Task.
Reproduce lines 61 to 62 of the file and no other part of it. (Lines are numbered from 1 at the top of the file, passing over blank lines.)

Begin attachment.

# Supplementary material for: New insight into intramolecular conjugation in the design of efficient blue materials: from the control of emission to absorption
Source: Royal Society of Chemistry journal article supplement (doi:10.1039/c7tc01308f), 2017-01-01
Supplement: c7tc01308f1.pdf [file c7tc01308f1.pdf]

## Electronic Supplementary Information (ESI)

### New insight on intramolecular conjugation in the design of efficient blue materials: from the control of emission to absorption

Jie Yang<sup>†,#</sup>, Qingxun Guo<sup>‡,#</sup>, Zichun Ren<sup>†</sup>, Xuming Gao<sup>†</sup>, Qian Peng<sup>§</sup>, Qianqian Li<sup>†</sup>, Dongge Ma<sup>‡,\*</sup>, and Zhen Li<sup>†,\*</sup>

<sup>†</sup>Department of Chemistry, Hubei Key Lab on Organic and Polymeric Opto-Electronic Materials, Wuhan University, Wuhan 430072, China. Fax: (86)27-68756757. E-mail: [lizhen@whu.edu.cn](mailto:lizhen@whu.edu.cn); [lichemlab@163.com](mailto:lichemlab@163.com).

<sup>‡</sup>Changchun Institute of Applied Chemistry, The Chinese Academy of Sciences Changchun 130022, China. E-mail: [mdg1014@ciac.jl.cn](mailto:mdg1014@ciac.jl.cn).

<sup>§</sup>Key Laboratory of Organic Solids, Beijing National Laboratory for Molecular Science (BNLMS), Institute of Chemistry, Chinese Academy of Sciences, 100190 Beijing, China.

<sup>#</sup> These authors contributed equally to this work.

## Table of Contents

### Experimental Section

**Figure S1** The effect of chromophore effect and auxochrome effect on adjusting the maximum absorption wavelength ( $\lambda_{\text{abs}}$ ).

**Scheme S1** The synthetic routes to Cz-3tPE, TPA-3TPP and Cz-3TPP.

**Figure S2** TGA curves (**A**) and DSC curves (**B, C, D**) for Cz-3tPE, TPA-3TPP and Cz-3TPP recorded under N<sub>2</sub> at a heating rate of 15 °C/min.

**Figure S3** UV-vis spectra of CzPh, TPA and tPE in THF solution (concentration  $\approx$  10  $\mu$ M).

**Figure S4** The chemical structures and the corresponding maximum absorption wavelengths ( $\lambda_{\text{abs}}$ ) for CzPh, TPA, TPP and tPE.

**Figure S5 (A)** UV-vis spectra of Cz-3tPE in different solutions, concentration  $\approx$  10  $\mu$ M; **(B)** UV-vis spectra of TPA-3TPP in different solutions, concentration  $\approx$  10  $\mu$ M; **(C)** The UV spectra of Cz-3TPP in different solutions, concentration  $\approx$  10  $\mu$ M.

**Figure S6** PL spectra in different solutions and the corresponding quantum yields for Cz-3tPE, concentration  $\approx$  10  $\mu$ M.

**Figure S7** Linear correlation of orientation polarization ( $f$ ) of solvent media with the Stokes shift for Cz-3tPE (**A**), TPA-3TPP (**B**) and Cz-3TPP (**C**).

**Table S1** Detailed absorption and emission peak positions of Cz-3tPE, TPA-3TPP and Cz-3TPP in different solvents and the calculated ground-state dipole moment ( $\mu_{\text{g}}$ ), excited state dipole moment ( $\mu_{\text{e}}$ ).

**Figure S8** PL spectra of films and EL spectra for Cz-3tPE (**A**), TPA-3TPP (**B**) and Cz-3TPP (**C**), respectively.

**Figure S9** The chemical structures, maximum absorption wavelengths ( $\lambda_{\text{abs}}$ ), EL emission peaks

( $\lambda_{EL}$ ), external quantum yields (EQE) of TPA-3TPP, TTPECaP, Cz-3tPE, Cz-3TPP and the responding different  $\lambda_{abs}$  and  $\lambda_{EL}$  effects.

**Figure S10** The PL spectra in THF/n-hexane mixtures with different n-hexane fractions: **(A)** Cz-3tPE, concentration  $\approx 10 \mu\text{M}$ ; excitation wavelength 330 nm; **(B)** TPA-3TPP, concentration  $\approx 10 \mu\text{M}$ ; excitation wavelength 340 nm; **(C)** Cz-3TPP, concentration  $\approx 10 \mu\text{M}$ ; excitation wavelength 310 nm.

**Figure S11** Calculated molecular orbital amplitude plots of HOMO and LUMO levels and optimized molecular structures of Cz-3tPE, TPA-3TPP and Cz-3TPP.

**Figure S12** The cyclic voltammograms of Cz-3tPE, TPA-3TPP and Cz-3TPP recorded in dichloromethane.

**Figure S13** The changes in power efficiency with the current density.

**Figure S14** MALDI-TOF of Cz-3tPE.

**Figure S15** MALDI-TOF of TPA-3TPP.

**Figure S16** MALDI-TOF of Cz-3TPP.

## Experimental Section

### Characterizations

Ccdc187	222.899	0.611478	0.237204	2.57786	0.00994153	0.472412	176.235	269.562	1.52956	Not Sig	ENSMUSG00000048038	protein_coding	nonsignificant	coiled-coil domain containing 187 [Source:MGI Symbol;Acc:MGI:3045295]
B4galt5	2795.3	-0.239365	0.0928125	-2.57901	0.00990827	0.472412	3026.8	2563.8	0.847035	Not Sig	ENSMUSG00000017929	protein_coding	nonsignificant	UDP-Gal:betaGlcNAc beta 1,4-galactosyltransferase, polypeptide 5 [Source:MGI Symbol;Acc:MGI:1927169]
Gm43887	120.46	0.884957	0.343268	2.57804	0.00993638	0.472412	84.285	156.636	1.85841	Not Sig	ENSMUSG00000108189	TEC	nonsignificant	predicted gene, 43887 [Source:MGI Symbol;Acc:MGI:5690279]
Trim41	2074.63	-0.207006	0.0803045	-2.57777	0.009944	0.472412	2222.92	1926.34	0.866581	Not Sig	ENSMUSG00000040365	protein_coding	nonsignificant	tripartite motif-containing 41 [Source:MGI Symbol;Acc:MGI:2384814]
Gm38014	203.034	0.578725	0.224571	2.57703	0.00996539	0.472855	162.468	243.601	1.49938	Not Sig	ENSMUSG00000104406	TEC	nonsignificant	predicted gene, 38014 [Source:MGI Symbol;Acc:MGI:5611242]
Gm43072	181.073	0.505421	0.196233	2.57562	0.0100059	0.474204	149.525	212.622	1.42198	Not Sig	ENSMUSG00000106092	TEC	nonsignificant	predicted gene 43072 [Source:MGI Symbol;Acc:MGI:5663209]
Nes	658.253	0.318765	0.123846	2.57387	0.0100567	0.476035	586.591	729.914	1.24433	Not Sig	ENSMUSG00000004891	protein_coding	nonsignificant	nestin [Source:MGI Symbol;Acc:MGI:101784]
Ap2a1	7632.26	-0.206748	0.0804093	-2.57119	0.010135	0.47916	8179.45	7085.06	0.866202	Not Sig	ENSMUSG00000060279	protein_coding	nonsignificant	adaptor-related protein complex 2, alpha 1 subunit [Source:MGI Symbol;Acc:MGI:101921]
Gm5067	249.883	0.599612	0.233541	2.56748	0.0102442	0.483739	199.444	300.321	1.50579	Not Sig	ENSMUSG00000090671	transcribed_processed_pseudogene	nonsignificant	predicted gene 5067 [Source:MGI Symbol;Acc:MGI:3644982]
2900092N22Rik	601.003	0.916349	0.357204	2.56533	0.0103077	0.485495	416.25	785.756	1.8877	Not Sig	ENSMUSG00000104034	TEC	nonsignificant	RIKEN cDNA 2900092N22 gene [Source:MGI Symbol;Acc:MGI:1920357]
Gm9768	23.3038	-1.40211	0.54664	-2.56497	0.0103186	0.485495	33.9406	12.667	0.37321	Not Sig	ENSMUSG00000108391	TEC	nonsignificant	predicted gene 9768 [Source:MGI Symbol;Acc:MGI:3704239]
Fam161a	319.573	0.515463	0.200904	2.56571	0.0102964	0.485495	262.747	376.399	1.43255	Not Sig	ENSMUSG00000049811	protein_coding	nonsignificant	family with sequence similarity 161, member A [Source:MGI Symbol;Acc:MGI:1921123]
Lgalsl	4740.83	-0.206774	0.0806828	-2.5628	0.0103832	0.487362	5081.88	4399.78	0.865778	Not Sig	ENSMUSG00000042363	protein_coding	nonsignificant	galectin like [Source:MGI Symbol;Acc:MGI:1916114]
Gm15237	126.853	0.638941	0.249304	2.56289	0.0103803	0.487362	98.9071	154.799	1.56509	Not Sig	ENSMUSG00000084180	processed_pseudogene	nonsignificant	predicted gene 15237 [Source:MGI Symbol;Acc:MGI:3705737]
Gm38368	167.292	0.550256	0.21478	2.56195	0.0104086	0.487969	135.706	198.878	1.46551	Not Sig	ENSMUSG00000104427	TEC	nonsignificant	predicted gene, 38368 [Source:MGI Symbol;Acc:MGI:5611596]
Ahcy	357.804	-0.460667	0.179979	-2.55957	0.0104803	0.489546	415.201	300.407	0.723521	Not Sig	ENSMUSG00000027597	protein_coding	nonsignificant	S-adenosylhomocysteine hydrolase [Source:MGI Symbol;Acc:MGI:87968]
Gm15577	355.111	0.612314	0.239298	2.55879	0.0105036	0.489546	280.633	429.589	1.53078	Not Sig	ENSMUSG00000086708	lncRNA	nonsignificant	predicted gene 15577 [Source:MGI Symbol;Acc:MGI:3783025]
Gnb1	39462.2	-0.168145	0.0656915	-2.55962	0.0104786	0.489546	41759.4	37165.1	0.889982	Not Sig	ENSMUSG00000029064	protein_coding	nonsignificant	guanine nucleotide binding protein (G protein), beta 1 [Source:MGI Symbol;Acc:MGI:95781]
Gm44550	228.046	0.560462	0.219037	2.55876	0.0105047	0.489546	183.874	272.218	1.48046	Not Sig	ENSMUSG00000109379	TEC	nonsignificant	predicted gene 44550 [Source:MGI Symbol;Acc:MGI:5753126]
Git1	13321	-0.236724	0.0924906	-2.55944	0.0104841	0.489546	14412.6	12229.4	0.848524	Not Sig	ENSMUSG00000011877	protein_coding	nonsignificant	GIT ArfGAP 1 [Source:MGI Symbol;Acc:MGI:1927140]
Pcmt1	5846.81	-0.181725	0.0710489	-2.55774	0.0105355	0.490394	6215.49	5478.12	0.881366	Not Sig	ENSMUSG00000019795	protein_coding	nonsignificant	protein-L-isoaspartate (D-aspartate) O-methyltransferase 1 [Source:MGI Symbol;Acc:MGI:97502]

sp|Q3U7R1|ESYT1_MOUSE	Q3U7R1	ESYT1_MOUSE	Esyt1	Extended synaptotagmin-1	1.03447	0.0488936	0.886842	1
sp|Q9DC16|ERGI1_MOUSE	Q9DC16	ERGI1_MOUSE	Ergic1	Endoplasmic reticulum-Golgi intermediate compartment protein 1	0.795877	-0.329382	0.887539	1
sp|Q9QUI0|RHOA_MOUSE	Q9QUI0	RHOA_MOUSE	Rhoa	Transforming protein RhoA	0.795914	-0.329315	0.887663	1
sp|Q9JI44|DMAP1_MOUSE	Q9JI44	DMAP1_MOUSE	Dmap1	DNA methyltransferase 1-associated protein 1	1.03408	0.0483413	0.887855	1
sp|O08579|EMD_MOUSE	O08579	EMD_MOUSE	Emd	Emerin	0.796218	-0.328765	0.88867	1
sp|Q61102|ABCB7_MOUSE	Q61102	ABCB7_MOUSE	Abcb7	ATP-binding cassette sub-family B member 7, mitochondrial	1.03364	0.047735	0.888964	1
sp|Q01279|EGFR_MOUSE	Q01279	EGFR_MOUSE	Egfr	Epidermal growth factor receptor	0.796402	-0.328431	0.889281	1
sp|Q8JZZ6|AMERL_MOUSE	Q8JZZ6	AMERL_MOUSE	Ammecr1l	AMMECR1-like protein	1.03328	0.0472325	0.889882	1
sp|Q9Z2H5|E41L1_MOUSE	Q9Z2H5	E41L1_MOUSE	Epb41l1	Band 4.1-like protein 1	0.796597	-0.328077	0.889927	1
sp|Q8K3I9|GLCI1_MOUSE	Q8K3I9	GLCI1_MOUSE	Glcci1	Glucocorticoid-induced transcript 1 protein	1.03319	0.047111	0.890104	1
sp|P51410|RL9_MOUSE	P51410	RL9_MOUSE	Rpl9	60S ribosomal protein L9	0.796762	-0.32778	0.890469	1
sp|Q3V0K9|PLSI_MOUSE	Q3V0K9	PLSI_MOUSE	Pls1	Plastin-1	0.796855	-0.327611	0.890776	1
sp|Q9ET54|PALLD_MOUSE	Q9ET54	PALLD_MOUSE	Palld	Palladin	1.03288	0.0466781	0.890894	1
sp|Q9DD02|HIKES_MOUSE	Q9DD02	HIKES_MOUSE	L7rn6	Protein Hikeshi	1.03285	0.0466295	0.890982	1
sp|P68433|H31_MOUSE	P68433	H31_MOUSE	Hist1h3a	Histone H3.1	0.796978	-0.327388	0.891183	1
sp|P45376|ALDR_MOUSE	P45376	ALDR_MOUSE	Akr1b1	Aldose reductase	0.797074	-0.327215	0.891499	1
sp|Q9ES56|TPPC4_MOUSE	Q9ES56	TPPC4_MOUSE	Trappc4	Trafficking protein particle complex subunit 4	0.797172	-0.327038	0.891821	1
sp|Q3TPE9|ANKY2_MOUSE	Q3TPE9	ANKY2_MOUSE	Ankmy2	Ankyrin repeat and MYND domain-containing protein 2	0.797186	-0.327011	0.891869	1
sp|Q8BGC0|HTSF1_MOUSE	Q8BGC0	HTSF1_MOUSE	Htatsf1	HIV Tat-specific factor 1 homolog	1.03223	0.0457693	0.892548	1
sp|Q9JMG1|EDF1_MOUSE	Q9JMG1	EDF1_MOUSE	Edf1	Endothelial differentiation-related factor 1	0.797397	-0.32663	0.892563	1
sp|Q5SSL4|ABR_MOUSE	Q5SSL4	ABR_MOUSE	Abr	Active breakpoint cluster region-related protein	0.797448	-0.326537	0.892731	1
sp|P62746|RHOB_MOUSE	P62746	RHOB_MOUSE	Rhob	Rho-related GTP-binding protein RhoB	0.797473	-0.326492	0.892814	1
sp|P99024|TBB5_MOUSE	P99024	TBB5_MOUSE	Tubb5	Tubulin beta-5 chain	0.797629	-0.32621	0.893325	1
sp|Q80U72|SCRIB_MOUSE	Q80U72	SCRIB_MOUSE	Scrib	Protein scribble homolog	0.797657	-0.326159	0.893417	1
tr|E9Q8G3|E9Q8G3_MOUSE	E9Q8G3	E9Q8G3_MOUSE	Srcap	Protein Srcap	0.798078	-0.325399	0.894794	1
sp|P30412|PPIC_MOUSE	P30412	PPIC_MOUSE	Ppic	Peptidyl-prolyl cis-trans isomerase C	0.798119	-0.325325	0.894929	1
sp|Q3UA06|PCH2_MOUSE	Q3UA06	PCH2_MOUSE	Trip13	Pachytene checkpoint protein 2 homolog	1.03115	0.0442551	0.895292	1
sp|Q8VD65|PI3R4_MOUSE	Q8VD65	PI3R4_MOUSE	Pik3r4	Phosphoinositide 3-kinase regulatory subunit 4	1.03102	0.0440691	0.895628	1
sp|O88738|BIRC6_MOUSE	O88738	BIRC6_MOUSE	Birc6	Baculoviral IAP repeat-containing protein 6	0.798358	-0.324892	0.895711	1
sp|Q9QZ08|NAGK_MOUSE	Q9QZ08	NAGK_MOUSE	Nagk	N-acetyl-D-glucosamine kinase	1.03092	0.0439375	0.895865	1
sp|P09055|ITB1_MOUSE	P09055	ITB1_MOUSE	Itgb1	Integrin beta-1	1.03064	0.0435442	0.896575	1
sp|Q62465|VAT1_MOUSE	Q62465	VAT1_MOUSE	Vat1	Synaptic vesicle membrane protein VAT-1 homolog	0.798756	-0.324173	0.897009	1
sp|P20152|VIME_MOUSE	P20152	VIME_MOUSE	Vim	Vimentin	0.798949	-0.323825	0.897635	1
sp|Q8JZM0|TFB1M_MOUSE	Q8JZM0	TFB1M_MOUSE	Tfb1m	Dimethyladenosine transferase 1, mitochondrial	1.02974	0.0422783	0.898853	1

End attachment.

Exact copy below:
sp|Q01279|EGFR_MOUSE	Q01279	EGFR_MOUSE	Egfr	Epidermal growth factor receptor	0.796402	-0.328431	0.889281	1
sp|Q8JZZ6|AMERL_MOUSE	Q8JZZ6	AMERL_MOUSE	Ammecr1l	AMMECR1-like protein	1.03328	0.0472325	0.889882	1